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Problems with Playlists

Steffen Holter’s “The Problem With Playlists” frames the issue:

Playlists have spearheaded the music streaming industry’s rise to becoming the most popular avenue of music consumption. For many, the quality of the generated playlists is the deciding factor in which service to subscribe to and which application to use. For many other listeners, it is actually the only way they listen to music.

This is rather problematic.

To clarify, I do not think playlists are inherently bad, I just believe their unparallelled popularity is giving rise to false precedents. Not only do they encourage a shallow and thoughtless approach to music, their meteoric rise is also starting to affect the way music is being produced.

In many ways, playlists are symptomatic of a modern lifestyle. People have little time and therefore resort to a quick and systematic way of catering to their music needs. Just as we use Amazon to deliver our material goods, we use Spotify to generate fully made, customized playlists. It is up to us to simply press play.

A pratical problem: 

Listeners themselves are faced with a different type of problem. Using playlists as the primary medium for music means that the listener is being exposed to tens or even hundreds of different artists and songs daily. The sheer amount of content makes it almost impossible to distinguish between the different things you are listening to. This is not helped by the fact that these tracks are probably assembled because of how similar they are. Therefore, this type of music consumption relies solely on emotion and general moods and it makes listening to music mindless. You cannot establish a meaningful connection with an artist or song because there is no continuity. It is as though you are sampling a variety of dishes but never staying to finish the whole meal.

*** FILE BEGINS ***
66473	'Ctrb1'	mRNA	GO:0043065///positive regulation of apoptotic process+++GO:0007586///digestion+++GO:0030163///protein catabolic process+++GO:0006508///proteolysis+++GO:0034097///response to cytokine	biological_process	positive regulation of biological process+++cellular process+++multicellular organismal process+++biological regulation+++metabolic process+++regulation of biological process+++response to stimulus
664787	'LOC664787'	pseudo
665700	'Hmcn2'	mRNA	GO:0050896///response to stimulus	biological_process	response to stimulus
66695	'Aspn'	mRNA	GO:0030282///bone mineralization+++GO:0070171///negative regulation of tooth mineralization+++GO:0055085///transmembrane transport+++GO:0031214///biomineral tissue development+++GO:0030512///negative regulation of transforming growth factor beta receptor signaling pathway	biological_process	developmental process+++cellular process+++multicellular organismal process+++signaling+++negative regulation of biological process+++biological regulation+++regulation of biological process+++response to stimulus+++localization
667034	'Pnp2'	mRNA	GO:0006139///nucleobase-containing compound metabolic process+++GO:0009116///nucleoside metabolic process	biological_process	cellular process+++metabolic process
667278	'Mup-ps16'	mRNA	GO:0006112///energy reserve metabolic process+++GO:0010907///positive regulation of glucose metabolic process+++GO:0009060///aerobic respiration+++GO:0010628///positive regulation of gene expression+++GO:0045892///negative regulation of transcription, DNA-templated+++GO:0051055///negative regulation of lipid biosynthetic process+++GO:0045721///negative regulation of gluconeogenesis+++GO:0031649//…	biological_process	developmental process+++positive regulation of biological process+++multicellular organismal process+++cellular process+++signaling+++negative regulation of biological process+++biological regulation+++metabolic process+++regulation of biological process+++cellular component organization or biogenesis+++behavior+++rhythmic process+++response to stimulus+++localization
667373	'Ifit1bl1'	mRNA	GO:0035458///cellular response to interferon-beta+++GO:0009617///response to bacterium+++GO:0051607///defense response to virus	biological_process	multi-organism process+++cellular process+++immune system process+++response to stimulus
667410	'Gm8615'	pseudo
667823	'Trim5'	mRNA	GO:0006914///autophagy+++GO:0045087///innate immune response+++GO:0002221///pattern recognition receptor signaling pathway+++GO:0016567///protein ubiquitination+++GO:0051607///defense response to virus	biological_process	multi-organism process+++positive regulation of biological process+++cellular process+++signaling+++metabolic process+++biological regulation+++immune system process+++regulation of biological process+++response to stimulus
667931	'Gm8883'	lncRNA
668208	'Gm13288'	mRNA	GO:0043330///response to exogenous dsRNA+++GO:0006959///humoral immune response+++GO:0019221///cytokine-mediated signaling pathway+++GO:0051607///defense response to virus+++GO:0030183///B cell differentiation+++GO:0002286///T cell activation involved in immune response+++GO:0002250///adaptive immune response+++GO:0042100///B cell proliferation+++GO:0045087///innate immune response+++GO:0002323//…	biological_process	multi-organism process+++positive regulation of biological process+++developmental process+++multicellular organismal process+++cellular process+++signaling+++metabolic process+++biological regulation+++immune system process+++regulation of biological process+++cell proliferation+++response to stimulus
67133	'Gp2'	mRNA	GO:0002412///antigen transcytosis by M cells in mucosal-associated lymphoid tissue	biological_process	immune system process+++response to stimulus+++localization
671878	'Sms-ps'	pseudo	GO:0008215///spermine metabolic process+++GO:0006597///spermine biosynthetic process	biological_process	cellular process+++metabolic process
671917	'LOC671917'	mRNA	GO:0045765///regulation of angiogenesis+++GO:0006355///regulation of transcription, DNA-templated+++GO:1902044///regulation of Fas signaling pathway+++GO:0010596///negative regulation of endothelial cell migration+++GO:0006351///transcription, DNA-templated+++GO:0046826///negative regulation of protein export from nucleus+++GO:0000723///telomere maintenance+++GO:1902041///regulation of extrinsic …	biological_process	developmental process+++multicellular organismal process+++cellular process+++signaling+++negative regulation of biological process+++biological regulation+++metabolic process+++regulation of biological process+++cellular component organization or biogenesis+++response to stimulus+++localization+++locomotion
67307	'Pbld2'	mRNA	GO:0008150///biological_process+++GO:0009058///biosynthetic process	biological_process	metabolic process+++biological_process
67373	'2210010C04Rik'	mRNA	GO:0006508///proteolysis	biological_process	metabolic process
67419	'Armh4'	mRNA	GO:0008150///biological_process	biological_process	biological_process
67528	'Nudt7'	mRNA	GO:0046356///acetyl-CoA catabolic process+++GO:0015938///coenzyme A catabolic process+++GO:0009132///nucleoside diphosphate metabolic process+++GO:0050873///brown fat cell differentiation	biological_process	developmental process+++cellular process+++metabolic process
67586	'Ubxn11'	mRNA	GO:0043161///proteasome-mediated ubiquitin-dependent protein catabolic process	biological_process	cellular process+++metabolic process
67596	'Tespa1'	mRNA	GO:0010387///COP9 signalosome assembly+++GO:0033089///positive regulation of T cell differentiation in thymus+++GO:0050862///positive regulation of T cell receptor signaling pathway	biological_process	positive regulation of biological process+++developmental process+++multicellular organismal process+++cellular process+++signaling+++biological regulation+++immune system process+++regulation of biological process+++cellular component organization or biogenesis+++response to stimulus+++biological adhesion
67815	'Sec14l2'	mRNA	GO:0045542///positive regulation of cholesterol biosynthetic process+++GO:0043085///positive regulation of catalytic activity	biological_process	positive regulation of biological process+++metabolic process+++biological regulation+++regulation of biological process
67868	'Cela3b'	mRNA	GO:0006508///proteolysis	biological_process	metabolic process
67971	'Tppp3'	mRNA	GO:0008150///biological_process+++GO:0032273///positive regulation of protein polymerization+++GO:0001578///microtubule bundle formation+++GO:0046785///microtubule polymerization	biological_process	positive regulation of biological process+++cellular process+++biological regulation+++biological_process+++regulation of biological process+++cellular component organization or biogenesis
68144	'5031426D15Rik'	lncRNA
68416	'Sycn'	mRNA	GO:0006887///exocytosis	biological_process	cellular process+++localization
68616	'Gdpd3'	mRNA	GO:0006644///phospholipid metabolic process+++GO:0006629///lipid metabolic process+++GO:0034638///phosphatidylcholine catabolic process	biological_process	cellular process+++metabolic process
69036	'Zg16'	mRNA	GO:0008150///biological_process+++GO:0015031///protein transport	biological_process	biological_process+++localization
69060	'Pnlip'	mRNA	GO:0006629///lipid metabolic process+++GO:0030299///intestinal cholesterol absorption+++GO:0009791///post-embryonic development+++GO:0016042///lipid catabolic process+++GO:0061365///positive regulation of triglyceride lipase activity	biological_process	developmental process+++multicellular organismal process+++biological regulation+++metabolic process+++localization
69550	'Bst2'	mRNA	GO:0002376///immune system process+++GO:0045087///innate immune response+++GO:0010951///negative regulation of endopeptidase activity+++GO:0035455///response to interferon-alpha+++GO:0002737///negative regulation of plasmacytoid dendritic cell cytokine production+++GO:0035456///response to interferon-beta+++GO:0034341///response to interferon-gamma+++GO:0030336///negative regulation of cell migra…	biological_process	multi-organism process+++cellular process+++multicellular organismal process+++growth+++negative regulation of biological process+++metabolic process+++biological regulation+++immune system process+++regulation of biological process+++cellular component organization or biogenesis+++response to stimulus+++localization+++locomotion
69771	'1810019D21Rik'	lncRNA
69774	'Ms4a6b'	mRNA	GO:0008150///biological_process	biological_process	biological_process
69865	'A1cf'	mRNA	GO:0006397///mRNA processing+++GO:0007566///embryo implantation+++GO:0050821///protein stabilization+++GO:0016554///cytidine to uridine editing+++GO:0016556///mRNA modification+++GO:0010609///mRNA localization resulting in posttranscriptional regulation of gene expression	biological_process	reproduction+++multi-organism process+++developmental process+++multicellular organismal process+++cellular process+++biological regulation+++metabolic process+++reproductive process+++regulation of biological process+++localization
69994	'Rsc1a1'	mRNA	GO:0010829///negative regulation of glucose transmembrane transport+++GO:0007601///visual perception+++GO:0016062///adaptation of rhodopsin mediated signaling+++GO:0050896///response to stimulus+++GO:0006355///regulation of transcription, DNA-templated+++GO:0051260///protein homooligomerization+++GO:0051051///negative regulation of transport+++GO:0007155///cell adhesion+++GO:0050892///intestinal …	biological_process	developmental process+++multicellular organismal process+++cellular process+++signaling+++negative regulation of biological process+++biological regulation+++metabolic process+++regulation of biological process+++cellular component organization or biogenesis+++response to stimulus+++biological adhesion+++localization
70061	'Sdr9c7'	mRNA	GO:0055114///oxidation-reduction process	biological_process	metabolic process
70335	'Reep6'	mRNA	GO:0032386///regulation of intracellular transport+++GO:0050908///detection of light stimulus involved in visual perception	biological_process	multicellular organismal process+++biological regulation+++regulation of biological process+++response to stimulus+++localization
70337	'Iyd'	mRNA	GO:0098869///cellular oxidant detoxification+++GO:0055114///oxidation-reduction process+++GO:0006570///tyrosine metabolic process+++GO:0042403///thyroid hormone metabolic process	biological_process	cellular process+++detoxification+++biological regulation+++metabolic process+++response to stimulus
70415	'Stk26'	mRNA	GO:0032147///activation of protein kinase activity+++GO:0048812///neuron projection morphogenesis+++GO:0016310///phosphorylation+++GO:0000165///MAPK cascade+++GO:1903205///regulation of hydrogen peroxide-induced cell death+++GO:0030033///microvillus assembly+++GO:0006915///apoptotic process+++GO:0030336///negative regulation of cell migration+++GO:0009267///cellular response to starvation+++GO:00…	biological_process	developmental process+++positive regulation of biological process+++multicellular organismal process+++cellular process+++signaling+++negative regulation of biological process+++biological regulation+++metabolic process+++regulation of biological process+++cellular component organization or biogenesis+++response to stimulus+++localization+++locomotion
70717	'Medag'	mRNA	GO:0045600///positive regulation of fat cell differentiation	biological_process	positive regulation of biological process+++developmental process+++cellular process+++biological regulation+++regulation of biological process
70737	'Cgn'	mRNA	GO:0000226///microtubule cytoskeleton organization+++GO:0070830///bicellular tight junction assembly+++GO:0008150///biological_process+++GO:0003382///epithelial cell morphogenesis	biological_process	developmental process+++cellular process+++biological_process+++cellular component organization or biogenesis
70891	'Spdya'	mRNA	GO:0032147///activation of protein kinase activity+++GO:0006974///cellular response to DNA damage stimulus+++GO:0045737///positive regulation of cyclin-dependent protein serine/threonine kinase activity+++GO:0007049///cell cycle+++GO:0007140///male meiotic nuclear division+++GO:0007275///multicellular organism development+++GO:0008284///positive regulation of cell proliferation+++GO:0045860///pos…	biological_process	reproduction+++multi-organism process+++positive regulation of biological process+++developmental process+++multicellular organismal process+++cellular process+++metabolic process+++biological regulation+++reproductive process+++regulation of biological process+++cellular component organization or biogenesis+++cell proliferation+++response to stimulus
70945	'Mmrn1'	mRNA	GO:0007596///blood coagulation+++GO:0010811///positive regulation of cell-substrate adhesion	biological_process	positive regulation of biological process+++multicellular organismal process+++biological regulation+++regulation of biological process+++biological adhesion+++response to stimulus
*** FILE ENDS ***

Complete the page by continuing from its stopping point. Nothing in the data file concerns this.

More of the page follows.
This is further exacerbated by the rise of background music and so-called chill playlists. Looking at the Spotify front page there is a something and chill playlist for every conceivable moment. These are meant to be played whilst you study or work out and once again cater solely to emotion. This can be referred to as creating an atmosphere or environment with music but it also reduces the content itself to such a primitive level. It is just one step away from becoming background noise.

In the end Steffen has a sensible recommendation: 

Luckily, while Spotify may control the way music reaches us, ultimately the listener still has choice — for now. So, when you hear an artist that you like, give their album a listen and more often than not it will result in a much more fulfilling listening experience.

I think playlists are fine, but as a software tool they are too limited to serve such a prominent role in streaming platforms.

Even the most passive listener wants more than just “play” music “right now”. There is browsing, exploring, discovering, archiving, rating, comparing, queuing, saving for a later opportunity, planning for a party, reminiscing, sharing and so forth. Different activities that could use different “lists” or tools.

At the same time, we could present the music in a way richer than mere lists. The lists themselves could be organised in sets and collections, “clusters” perhaps?

One practical angle: Nowadays we may have 10 lists por “Pop Hits 198X” plus a list “Pop Hits 1980s”. That’s eleven lists. Perhaps another 11 lists for Rock Hits? And yet another 11 lists for Pop/Rock Hits? Suddenly you have a huge list of lists, and no way of make sense of all this great information.

Is there an easy way to listen through all the pop and rock hits from the 1980s? How can you “bookmark” the point where you stopped listening in a playlist which is part of another list?

There must be a better way to offer and use this information…

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